Ask most finance experts about the “world’s largest financial institutions,” and you’ll hear names like Citigroup, ICBC (China’s largest bank) and HSBC. However, governments top the list of large financial institutions, with investment and insurance operations that dwarf those of any private enterprise. For instance, last year the U.S. federal government made almost all student loans and backed over 97% of newly originated mortgages. Add to that Uncle Sam’s lending activities for agriculture, small business, energy and trade, plus its provision of insurance for private pensions and deposits, and you’ll discover it’s an $18-trillion financial institution. By comparison, JP Morgan Chase, the largest U.S. bank, had assets totaling about $2.4 trillion.
While government practices differ across countries, the basic story is much the same everywhere. As the world’s largest and most interconnected financial institutions — and through their activities as rule-makers and regulators — governments have an enormous influence on the allocation of capital and risk in society. And as financial actors they are confronted with the same critical issues as their private-sector peers: How should a government assess its cost of capital? How should its financial activities be accounted for? What are the systemic and macroeconomic effects? Are the institutions well-managed? Are its financial products well-designed?
Surprisingly, little research has focused on governments as financial institutions in their own right, and on finding solutions to the challenges they face. While private-sector financial theory and practice have benefited from decades of transformational innovations, public-sector financial thinking and education have not kept pace.
To help to bridge this knowledge gap, MIT is launching the Center for Finance and Policy (CFP) under the aegis of MIT Sloan’s Finance Group. A primary goal of the CFP is to be a catalyst for innovative, cross-disciplinary, and non-partisan research and educational initiatives. Its activities will address the unique challenges facing governments in their role as financial institutions, and also as regulators of private financial institutions. The aim is to provide much-needed support for policymakers and practitioners that will ultimately lead to improved decision-making, greater transparency, and better financial policies.
A quick look at recent headlines shows just how much is at stake and some of the significant decisions that need to be made. There’s the announcement by the BRICs about the formation of the New Development Bank, which will serve as a channel for large government-backed investments in those countries. In the U.S. there’s been heated debate over whether the Export-Import Bank should be reauthorized and whether the federal student loan programs are adequately serving students. There’s also the question of if, how and when the U.S. mortgage market will be reprivatized.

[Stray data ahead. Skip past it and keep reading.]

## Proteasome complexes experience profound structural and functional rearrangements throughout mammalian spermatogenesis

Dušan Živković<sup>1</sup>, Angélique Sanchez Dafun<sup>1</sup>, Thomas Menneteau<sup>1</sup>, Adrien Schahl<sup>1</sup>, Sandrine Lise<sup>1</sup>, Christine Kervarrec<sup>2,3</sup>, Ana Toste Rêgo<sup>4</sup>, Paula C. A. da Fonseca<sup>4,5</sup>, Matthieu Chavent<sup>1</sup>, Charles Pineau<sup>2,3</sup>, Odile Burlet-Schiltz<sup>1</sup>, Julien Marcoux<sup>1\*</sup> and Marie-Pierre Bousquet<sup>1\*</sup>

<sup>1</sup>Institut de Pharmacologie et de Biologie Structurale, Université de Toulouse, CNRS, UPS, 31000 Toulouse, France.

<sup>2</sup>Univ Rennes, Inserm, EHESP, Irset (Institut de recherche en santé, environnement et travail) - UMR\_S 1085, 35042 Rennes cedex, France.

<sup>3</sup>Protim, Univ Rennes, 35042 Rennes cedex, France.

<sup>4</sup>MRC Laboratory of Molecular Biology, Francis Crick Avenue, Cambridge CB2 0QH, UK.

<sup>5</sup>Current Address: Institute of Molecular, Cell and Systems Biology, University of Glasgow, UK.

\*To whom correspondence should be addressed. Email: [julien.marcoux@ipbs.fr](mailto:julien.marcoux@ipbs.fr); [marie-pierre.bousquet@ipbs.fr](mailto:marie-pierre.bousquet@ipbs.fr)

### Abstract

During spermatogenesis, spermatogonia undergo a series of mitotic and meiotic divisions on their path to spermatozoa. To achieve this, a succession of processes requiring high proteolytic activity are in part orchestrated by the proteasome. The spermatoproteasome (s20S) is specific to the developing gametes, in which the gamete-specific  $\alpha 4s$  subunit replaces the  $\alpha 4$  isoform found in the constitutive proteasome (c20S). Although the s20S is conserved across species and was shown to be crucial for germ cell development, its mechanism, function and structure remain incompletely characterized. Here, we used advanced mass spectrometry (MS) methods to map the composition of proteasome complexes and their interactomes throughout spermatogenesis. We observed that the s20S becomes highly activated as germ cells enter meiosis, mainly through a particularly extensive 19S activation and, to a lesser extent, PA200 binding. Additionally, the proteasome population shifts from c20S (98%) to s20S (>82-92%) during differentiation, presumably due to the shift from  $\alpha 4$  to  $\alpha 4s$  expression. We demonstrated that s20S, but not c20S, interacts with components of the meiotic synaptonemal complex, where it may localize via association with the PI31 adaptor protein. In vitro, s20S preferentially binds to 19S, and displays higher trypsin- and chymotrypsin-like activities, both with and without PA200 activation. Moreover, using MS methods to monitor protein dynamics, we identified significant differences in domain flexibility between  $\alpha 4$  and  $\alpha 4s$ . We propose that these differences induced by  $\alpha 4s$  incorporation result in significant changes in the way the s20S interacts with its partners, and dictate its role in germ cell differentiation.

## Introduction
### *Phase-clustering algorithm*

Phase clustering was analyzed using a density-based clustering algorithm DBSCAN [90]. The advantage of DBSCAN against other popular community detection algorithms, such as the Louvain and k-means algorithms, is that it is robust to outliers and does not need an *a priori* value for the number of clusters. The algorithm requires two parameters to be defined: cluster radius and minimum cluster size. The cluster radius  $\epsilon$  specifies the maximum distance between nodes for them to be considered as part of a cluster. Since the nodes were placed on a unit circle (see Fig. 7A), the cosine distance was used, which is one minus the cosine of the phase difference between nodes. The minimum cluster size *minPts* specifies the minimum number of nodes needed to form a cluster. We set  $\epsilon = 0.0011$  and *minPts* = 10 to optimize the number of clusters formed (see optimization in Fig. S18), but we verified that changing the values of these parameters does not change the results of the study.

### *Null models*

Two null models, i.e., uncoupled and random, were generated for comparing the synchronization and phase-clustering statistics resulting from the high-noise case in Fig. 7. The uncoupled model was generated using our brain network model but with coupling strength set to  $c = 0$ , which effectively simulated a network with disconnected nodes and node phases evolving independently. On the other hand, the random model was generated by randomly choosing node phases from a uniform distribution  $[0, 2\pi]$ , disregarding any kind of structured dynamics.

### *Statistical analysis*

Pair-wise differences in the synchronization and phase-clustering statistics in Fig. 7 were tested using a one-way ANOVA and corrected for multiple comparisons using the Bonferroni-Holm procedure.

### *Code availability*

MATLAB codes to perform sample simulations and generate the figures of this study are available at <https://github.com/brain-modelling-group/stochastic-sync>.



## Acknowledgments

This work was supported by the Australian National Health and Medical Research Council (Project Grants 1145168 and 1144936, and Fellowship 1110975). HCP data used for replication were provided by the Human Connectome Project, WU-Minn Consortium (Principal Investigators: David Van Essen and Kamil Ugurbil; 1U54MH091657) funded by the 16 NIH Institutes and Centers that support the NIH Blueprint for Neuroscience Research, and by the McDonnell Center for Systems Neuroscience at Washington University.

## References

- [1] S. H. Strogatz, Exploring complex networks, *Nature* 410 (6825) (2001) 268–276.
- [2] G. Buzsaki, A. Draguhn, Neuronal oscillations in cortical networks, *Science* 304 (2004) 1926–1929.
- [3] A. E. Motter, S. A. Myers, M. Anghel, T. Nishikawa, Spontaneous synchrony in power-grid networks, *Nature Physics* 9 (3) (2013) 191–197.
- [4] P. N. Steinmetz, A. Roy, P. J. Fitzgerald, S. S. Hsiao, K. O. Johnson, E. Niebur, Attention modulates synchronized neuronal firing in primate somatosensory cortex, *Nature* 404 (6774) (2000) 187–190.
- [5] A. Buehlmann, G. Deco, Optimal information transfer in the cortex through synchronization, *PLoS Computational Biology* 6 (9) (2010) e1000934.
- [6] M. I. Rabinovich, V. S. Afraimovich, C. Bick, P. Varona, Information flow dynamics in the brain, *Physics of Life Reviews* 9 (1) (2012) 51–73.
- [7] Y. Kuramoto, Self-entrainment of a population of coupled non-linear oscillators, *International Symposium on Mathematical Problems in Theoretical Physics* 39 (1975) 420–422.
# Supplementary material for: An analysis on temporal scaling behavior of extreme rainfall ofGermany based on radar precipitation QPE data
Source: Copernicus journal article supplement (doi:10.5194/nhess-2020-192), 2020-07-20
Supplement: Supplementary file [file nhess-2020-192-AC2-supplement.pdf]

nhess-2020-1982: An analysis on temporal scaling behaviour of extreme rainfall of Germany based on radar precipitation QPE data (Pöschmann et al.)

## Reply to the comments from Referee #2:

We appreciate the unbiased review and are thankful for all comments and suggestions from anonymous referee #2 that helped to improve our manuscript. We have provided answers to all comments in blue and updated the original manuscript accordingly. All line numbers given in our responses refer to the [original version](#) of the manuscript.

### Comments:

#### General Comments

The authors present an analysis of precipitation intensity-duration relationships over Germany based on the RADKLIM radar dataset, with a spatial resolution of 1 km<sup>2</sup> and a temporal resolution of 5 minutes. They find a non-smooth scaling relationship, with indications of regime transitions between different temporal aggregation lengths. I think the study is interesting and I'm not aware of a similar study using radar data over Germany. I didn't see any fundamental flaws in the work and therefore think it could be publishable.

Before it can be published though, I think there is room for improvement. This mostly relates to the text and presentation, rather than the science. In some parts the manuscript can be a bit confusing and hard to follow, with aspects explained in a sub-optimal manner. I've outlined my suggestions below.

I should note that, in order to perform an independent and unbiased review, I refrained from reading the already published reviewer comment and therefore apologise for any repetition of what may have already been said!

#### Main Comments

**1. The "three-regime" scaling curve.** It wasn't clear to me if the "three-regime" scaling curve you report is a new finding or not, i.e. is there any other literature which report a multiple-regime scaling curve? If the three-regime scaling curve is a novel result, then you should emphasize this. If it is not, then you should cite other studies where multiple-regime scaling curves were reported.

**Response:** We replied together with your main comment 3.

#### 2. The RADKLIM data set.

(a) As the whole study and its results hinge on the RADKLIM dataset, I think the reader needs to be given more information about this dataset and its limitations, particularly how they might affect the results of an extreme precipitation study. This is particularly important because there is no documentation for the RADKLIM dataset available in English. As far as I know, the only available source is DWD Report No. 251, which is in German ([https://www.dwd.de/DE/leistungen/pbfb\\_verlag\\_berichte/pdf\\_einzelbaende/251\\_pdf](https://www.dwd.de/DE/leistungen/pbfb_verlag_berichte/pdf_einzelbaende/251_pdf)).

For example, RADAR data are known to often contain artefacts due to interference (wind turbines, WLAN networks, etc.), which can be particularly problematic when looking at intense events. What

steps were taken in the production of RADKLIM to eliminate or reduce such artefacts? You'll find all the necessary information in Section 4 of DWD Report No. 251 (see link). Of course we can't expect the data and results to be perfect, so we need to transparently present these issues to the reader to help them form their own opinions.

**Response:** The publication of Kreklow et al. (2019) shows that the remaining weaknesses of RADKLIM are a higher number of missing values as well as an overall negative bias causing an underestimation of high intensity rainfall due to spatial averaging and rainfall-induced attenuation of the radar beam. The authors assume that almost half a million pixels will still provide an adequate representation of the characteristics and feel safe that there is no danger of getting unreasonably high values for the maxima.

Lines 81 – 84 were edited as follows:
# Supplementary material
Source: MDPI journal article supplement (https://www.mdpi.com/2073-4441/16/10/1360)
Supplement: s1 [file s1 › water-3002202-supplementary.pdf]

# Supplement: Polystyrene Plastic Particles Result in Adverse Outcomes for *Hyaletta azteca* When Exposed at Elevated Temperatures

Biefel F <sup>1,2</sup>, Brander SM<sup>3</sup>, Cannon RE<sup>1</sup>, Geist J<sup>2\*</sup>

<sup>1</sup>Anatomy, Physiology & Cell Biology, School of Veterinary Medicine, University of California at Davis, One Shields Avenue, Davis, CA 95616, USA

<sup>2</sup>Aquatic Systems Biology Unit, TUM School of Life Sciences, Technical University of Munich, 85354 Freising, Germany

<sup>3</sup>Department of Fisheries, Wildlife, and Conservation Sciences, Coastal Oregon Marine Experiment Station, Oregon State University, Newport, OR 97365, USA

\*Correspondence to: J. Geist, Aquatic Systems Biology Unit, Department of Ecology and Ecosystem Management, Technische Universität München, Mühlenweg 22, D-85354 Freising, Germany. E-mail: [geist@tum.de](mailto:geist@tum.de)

Research supported by the CFP is organized around three main tracks: the evaluation and management of government financial institutions, the regulation of financial markets and institutions, and the measurement and control of systemic risk. A critical focus of the CFP is the dissemination of knowledge to turn theory and data analysis into practice. That will be accomplished through policy briefs, conferences, the website, a visiting scholars program, and other initiatives.
We’re also focusing on education. The aim is to provide greater access to the tools of modern financial analysis to current and future regulators, policymakers and other stakeholders in the public sector. People working in the public sector have traditionally faced barriers to obtaining high-level financial education due to the cost and lack of a developed curriculum. We’re planning to use MIT edX to develop and offer material that will reach a broad audience free of charge. We also plan to offer special executive education programs and short courses at Sloan. To support those efforts, the CFP is investing in curriculum development in the application of financial concepts to public policy contexts.
The CFP will be officially announced in conjunction with our inaugural conference, which will take place Sept. 12-13. The conference will highlight new research related to its three main research areas. It features six paper sessions, three panel discussions, and a keynote address. Over 100 participants are expected to attend including policymakers, practitioners, and academics. The event will be available afterwards online.
I believe that the CFP’s research and educational initiatives will significantly move the needle on how policymakers think about their role as financial decision-makers and regulators, and ultimately have transformative effects on the quality and conduct of financial policy.
Deborah Lucas is the Sloan Distinguished Professor of Finance at MIT Sloan and Director of the MIT Center for Finance and Policy